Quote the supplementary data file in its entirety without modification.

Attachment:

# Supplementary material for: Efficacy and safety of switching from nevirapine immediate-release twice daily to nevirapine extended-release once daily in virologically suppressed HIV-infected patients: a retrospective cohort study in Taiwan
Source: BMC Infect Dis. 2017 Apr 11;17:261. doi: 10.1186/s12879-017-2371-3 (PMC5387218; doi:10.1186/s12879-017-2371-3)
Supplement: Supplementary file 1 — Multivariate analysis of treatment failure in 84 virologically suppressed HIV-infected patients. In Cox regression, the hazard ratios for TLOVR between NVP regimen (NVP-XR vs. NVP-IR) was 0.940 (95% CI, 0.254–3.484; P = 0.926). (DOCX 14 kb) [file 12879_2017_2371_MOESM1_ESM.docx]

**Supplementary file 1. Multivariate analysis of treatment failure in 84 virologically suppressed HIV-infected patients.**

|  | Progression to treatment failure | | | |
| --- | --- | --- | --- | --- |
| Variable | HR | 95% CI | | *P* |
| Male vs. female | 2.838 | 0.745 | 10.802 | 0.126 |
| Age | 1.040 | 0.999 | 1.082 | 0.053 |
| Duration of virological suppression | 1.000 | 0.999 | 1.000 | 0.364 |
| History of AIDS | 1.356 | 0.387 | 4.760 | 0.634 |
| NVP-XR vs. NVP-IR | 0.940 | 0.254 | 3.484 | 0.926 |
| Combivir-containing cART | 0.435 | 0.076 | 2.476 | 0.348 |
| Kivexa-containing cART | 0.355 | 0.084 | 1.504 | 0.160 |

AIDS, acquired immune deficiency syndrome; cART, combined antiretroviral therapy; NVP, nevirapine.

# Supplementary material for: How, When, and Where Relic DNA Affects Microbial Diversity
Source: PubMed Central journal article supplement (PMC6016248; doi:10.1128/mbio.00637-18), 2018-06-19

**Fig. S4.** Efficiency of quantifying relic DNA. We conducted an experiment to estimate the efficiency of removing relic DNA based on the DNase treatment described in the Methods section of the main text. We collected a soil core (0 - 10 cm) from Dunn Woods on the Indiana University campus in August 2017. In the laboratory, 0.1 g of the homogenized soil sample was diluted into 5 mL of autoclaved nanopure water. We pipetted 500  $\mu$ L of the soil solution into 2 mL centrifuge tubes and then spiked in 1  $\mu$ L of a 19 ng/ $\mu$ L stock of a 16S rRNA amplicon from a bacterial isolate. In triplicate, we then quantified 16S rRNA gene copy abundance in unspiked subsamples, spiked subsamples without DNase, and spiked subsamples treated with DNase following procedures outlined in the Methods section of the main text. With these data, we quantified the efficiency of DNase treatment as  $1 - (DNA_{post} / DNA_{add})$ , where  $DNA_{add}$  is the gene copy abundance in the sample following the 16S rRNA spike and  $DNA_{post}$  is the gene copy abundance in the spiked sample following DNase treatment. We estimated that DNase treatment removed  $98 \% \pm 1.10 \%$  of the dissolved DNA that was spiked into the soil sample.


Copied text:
# Supplementary material for: Efficacy and safety of switching from nevirapine immediate-release twice daily to nevirapine extended-release once daily in virologically suppressed HIV-infected patients: a retrospective cohort study in Taiwan
Source: BMC Infect Dis. 2017 Apr 11;17:261. doi: 10.1186/s12879-017-2371-3 (PMC5387218; doi:10.1186/s12879-017-2371-3)
Supplement: Supplementary file 1 — Multivariate analysis of treatment failure in 84 virologically suppressed HIV-infected patients. In Cox regression, the hazard ratios for TLOVR between NVP regimen (NVP-XR vs. NVP-IR) was 0.940 (95% CI, 0.254–3.484; P = 0.926). (DOCX 14 kb) [file 12879_2017_2371_MOESM1_ESM.docx]

**Supplementary file 1. Multivariate analysis of treatment failure in 84 virologically suppressed HIV-infected patients.**

|  | Progression to treatment failure | | | |
| --- | --- | --- | --- | --- |
| Variable | HR | 95% CI | | *P* |
| Male vs. female | 2.838 | 0.745 | 10.802 | 0.126 |
| Age | 1.040 | 0.999 | 1.082 | 0.053 |
| Duration of virological suppression | 1.000 | 0.999 | 1.000 | 0.364 |
| History of AIDS | 1.356 | 0.387 | 4.760 | 0.634 |
| NVP-XR vs. NVP-IR | 0.940 | 0.254 | 3.484 | 0.926 |
| Combivir-containing cART | 0.435 | 0.076 | 2.476 | 0.348 |
| Kivexa-containing cART | 0.355 | 0.084 | 1.504 | 0.160 |

AIDS, acquired immune deficiency syndrome; cART, combined antiretroviral therapy; NVP, nevirapine.

# Supplementary material for: How, When, and Where Relic DNA Affects Microbial Diversity
Source: PubMed Central journal article supplement (PMC6016248; doi:10.1128/mbio.00637-18), 2018-06-19

**Fig. S4.** Efficiency of quantifying relic DNA. We conducted an experiment to estimate the efficiency of removing relic DNA based on the DNase treatment described in the Methods section of the main text. We collected a soil core (0 - 10 cm) from Dunn Woods on the Indiana University campus in August 2017. In the laboratory, 0.1 g of the homogenized soil sample was diluted into 5 mL of autoclaved nanopure water. We pipetted 500  $\mu$ L of the soil solution into 2 mL centrifuge tubes and then spiked in 1  $\mu$ L of a 19 ng/ $\mu$ L stock of a 16S rRNA amplicon from a bacterial isolate. In triplicate, we then quantified 16S rRNA gene copy abundance in unspiked subsamples, spiked subsamples without DNase, and spiked subsamples treated with DNase following procedures outlined in the Methods section of the main text. With these data, we quantified the efficiency of DNase treatment as  $1 - (DNA_{post} / DNA_{add})$ , where  $DNA_{add}$  is the gene copy abundance in the sample following the 16S rRNA spike and  $DNA_{post}$  is the gene copy abundance in the spiked sample following DNase treatment. We estimated that DNase treatment removed  $98 \% \pm 1.10 \%$  of the dissolved DNA that was spiked into the soil sample.